As a person who was both sexually abused as a child and had consensual sexual relationships with people over 18 when I was not, there is a huge difference between the two and that difference is agency. it does me and other abuse survivors a disservice when you elide the importance of actual consent in sexual relationships and arbitrarily assign age as the marker of harm. certainly, pre-pubescent children are not appropriate sexual partners for adults but 16 year olds are not prepubescent children and they can and do have positive, loving relationships. and before the lecture, i know all about the power/authority differentials.

  • loulou | February 5, 2014 12:17 AMReply

    I would like to believe that quite possibly, the timing of this story may have more to do with the victims healing process than anything else. I wouldn't think it would be easy for a grown woman to tell a story like this knowing that people will, bash, blame and disbelieve her like so many of you are doing..unless she is doing it for herself. Why can't we just let it be, wish her well and pray you never find yourself a part of any similar story.

  • tanya steele | February 5, 2014 7:23 AM

    Well said, LouLou. Thankfully, it appears, she protected her chance to fulfill her life. Having to deal with the awful knee jerk responses is another layer of the horror. She has created a life that, hopefully, is impervious to the backlash. I wish her, and all survivors, continued strength.

  • lamerc | February 5, 2014 12:29 AM

    Evidence is one thing. Also assuming is a very bad move on anybody who's taking this shit seriously. She also wouldn't be blamed and bashed as so many would have you believe because, despite her step father's celebrity, her mom's a celebrity as well and she knows a man who happens to champion people in these circumstances. Blame, blame, blame. I've heard that word so many times regarding this topic that you'd think people hate those who are raped because...sometimes a few people attempt to hide the truth. That is, as we should all know, is not strictly associated with rape.

    This is a case of wrongful accusation that needs to be delved into and not left to the far left leaning liberal cowards of the internet who couldn't manage a three dimensional argument if they tried. However, those who try are condemned. Yay.

  • aopvm | February 5, 2014 12:10 AMReply

    Dylan wrote a piece that does little to dismantle the allegations to the 92 court decision. In other words, she doesn't go into depth as to why certain things were overlooked or what the tapping on the shoulder and video editing evidence meant. These are things which could actually hurt Allen's claim and disprove him. Instead, what she does is detail very base torments usually accustomed to victims under this circumstance and some recollections of her own life. She leaves an open ended message that asks us, the audience, to judge ourselves along with him. It's an unfair, cheap, and purposely open ended letter. She doesn't give specifics, either because she has none or she's meaning to make us choose sides. When people choose sides there's no need for truth.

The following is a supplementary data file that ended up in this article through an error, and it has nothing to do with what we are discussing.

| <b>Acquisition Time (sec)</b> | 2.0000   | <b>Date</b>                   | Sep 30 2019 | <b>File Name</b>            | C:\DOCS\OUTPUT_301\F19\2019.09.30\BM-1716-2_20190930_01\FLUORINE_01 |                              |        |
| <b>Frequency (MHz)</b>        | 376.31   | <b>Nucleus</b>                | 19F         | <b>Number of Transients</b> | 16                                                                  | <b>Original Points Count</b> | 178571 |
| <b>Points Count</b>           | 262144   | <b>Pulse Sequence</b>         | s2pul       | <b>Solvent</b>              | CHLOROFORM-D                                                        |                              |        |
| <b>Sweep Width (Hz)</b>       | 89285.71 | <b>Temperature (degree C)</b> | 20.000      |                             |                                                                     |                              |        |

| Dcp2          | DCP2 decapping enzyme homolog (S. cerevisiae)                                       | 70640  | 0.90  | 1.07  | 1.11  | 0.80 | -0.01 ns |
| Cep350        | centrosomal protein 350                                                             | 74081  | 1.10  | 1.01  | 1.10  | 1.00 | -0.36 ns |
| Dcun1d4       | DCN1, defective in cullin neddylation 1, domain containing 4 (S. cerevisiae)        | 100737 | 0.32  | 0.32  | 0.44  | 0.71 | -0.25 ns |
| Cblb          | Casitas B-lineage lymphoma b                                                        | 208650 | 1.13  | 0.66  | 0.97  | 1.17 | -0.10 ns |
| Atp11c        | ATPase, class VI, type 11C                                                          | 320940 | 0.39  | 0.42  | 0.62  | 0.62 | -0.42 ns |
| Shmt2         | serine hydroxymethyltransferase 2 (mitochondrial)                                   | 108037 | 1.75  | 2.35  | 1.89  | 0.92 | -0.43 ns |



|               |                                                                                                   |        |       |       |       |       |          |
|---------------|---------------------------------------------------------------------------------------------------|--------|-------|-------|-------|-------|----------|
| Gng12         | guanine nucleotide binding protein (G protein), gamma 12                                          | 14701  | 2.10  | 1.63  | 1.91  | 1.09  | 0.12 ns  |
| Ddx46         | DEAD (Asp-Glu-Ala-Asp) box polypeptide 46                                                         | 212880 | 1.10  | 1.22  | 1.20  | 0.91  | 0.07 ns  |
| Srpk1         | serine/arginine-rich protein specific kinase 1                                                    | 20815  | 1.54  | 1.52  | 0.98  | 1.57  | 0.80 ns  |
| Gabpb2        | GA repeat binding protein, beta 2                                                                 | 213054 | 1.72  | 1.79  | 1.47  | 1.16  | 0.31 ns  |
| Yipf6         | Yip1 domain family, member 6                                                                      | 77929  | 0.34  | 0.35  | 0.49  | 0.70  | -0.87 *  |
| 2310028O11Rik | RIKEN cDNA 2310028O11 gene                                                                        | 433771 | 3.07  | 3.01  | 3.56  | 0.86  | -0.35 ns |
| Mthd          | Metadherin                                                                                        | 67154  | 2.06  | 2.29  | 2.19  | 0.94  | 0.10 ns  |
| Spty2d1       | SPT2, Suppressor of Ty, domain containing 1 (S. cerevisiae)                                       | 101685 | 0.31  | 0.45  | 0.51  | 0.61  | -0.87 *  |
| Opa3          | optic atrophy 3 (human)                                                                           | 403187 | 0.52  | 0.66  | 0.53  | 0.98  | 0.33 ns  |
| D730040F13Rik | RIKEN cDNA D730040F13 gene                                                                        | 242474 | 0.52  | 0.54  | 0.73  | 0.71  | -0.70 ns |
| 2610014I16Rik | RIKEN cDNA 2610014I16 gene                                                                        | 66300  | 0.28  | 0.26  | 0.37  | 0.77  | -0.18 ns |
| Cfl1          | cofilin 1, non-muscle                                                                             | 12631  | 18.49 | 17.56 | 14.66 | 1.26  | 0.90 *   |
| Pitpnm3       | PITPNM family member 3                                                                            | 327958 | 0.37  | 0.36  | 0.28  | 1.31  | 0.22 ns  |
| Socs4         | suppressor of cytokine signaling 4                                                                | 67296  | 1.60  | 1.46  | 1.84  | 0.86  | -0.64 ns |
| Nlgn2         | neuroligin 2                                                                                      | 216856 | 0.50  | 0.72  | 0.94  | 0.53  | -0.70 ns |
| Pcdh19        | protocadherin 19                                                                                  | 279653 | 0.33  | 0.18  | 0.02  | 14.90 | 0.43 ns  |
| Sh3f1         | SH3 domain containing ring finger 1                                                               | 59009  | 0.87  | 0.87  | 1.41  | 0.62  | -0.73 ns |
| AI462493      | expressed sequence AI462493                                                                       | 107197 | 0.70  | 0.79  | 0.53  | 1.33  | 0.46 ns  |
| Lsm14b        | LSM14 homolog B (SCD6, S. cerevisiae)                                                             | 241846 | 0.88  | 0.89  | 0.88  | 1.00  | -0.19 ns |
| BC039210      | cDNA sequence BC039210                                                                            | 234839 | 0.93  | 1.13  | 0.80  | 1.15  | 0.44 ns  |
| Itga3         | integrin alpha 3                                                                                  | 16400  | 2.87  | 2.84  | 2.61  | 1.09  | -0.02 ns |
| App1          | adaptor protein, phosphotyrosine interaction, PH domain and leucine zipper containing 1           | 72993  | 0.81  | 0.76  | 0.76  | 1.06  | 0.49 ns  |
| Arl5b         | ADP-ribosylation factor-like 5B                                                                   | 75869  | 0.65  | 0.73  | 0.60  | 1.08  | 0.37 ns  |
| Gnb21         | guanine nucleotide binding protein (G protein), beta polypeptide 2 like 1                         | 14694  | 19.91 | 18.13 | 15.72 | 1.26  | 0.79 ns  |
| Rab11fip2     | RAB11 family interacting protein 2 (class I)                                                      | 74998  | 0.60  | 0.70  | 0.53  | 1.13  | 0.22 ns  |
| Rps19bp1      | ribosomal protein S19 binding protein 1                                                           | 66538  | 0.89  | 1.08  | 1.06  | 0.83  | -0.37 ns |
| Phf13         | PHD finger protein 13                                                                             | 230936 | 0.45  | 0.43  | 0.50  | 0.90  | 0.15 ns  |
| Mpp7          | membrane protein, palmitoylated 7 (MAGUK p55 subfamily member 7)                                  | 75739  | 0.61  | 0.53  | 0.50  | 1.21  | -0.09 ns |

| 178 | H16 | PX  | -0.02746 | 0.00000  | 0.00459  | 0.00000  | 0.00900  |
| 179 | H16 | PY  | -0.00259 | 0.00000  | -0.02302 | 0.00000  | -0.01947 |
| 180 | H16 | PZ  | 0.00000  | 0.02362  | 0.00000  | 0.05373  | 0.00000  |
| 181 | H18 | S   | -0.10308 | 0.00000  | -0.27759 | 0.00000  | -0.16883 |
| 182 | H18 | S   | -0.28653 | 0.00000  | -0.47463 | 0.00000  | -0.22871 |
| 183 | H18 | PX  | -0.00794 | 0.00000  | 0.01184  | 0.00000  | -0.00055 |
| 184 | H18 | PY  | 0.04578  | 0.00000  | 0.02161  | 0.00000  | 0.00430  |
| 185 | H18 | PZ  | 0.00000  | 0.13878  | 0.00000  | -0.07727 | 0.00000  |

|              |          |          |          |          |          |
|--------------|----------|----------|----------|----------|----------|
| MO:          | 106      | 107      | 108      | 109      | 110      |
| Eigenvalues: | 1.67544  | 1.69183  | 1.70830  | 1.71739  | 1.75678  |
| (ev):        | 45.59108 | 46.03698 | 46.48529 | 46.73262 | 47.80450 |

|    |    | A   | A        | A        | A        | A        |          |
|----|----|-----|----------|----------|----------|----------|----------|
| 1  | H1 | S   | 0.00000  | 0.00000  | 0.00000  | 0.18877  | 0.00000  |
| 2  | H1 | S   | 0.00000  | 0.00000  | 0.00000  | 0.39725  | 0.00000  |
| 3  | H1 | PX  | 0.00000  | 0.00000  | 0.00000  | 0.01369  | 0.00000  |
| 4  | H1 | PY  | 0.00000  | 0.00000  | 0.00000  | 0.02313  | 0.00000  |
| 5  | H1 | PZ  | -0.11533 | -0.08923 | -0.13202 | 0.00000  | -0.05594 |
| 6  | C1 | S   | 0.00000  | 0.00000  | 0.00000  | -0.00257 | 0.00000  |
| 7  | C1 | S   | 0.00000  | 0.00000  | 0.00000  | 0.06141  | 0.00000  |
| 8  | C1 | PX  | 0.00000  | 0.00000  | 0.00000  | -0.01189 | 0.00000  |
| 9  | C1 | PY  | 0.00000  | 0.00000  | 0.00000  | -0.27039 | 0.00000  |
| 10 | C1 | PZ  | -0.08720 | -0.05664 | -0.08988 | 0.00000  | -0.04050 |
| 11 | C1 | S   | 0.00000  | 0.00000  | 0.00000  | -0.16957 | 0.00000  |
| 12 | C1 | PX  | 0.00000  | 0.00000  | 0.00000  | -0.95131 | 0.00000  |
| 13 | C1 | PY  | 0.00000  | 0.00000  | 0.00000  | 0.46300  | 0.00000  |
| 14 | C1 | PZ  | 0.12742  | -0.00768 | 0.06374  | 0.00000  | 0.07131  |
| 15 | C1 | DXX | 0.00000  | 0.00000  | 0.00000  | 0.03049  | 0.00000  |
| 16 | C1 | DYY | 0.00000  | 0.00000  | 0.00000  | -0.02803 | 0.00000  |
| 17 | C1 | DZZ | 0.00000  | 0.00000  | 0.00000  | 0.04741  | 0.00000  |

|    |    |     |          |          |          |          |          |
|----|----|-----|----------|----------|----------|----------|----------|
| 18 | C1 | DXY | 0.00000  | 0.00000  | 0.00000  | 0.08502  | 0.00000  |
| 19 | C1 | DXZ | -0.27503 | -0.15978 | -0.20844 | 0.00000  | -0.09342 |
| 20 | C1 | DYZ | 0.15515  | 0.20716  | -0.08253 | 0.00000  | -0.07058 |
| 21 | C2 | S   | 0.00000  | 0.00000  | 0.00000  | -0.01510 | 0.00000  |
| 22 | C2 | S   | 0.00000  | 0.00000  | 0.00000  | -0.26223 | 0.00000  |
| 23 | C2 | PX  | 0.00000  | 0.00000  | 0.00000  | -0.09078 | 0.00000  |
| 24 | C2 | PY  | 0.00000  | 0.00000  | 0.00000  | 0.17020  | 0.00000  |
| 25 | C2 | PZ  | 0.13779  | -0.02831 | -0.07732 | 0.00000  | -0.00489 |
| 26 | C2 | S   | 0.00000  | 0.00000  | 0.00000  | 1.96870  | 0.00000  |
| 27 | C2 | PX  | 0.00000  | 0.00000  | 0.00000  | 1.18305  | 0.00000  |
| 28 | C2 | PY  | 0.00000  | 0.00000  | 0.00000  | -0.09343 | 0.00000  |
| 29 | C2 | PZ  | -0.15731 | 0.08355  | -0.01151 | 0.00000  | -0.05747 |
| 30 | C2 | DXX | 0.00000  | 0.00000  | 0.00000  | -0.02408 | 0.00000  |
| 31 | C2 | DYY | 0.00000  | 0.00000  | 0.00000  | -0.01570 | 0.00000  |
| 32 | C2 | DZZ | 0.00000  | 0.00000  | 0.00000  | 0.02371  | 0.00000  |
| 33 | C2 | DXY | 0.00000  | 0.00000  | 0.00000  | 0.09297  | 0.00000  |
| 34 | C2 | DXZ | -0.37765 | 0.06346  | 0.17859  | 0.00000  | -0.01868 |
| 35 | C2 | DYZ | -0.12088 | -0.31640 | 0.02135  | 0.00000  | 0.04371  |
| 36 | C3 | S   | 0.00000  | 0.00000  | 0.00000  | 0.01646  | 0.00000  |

• Kim Casper | February 4, 2014 9:20 PMReply

    There are FACTS that need to be heard here. Five independent Psychologists trained to find out from a child if what happened did; ALL independently agreed that Dylan herself was not molested in any shape or form. Even she herself sounded scripted and did not have any fear or worry about her dad at all. Mia Farrow left a voice mail tape that Mr. Allen kept and showed police of Mia saying "I've got something nasty planned for you" with laughter. The next day an article came out accusing him. She told the police that it happened in the attic and that was not only laughable because anyone who knew him, even his fans, knew he was a claustrophobic and unable to be in small spaces. Also, there was no dust moved up there to show anyone had been there in years. Mia Farrow was angry (rightly) about her daughter getting back at her (allegedly Mia used to hit her with a hair brush) and she went after Woody Allen whom she had only met once a few years earlier. He never knew her and was not a daughter in any sense but still rather foolish of him to take the bait. Mia has let others be accused in the past with famous people in order to get the attention she needed. This is HER pattern. We must all protect victims and in this case Mr. Woody Allen is the victim.